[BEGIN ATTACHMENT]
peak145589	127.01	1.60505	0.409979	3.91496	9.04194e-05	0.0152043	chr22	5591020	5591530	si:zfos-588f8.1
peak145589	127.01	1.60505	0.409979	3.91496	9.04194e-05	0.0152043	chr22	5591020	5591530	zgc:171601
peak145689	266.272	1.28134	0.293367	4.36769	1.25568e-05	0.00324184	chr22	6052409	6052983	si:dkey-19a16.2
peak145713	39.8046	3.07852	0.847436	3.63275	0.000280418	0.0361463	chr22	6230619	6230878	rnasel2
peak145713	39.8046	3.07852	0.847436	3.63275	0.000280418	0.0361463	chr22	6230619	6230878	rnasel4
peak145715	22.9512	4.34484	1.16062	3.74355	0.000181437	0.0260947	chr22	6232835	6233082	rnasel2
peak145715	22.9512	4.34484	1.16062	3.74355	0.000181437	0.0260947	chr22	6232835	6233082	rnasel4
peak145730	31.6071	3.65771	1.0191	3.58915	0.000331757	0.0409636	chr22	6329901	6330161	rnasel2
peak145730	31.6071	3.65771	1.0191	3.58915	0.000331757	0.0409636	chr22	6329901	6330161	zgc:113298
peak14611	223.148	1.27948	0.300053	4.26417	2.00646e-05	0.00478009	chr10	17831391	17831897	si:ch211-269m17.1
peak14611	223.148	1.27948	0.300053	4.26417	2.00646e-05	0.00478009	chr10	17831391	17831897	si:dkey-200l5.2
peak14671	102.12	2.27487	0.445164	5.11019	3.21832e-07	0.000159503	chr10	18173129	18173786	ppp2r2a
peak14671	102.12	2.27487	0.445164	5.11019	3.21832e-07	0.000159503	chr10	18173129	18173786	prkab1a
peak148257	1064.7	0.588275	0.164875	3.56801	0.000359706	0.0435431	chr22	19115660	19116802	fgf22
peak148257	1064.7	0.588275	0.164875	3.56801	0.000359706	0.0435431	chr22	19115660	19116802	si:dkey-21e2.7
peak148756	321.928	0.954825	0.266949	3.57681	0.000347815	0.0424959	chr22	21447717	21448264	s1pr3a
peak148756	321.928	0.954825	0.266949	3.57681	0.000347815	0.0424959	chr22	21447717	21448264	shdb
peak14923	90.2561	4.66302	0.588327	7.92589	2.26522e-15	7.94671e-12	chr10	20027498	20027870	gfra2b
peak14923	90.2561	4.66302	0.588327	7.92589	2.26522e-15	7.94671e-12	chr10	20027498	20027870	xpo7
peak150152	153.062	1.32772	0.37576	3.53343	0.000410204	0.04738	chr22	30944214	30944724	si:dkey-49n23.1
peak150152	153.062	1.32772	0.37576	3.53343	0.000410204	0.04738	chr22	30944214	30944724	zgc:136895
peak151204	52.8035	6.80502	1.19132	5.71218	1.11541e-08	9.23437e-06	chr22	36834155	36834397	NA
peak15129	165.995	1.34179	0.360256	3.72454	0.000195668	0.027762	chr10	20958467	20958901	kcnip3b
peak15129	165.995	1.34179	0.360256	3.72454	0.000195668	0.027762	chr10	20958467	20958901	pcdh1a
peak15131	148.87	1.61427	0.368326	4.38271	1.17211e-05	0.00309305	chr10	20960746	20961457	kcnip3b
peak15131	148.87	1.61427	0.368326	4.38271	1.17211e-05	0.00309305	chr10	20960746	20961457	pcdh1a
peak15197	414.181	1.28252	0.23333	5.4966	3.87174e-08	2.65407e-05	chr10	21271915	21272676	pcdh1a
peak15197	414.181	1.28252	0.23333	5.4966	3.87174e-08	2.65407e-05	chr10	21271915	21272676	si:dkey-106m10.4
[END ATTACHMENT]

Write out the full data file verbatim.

peak145589	127.01	1.60505	0.409979	3.91496	9.04194e-05	0.0152043	chr22	5591020	5591530	si:zfos-588f8.1
peak145589	127.01	1.60505	0.409979	3.91496	9.04194e-05	0.0152043	chr22	5591020	5591530	zgc:171601
peak145689	266.272	1.28134	0.293367	4.36769	1.25568e-05	0.00324184	chr22	6052409	6052983	si:dkey-19a16.2
peak145713	39.8046	3.07852	0.847436	3.63275	0.000280418	0.0361463	chr22	6230619	6230878	rnasel2
peak145713	39.8046	3.07852	0.847436	3.63275	0.000280418	0.0361463	chr22	6230619	6230878	rnasel4
peak145715	22.9512	4.34484	1.16062	3.74355	0.000181437	0.0260947	chr22	6232835	6233082	rnasel2
peak145715	22.9512	4.34484	1.16062	3.74355	0.000181437	0.0260947	chr22	6232835	6233082	rnasel4
peak145730	31.6071	3.65771	1.0191	3.58915	0.000331757	0.0409636	chr22	6329901	6330161	rnasel2
peak145730	31.6071	3.65771	1.0191	3.58915	0.000331757	0.0409636	chr22	6329901	6330161	zgc:113298
peak14611	223.148	1.27948	0.300053	4.26417	2.00646e-05	0.00478009	chr10	17831391	17831897	si:ch211-269m17.1
peak14611	223.148	1.27948	0.300053	4.26417	2.00646e-05	0.00478009	chr10	17831391	17831897	si:dkey-200l5.2
peak14671	102.12	2.27487	0.445164	5.11019	3.21832e-07	0.000159503	chr10	18173129	18173786	ppp2r2a
peak14671	102.12	2.27487	0.445164	5.11019	3.21832e-07	0.000159503	chr10	18173129	18173786	prkab1a
peak148257	1064.7	0.588275	0.164875	3.56801	0.000359706	0.0435431	chr22	19115660	19116802	fgf22
peak148257	1064.7	0.588275	0.164875	3.56801	0.000359706	0.0435431	chr22	19115660	19116802	si:dkey-21e2.7
peak148756	321.928	0.954825	0.266949	3.57681	0.000347815	0.0424959	chr22	21447717	21448264	s1pr3a
peak148756	321.928	0.954825	0.266949	3.57681	0.000347815	0.0424959	chr22	21447717	21448264	shdb
peak14923	90.2561	4.66302	0.588327	7.92589	2.26522e-15	7.94671e-12	chr10	20027498	20027870	gfra2b
peak14923	90.2561	4.66302	0.588327	7.92589	2.26522e-15	7.94671e-12	chr10	20027498	20027870	xpo7
peak150152	153.062	1.32772	0.37576	3.53343	0.000410204	0.04738	chr22	30944214	30944724	si:dkey-49n23.1
peak150152	153.062	1.32772	0.37576	3.53343	0.000410204	0.04738	chr22	30944214	30944724	zgc:136895
peak151204	52.8035	6.80502	1.19132	5.71218	1.11541e-08	9.23437e-06	chr22	36834155	36834397	NA
peak15129	165.995	1.34179	0.360256	3.72454	0.000195668	0.027762	chr10	20958467	20958901	kcnip3b
peak15129	165.995	1.34179	0.360256	3.72454	0.000195668	0.027762	chr10	20958467	20958901	pcdh1a
peak15131	148.87	1.61427	0.368326	4.38271	1.17211e-05	0.00309305	chr10	20960746	20961457	kcnip3b
peak15131	148.87	1.61427	0.368326	4.38271	1.17211e-05	0.00309305	chr10	20960746	20961457	pcdh1a
peak15197	414.181	1.28252	0.23333	5.4966	3.87174e-08	2.65407e-05	chr10	21271915	21272676	pcdh1a
peak15197	414.181	1.28252	0.23333	5.4966	3.87174e-08	2.65407e-05	chr10	21271915	21272676	si:dkey-106m10.4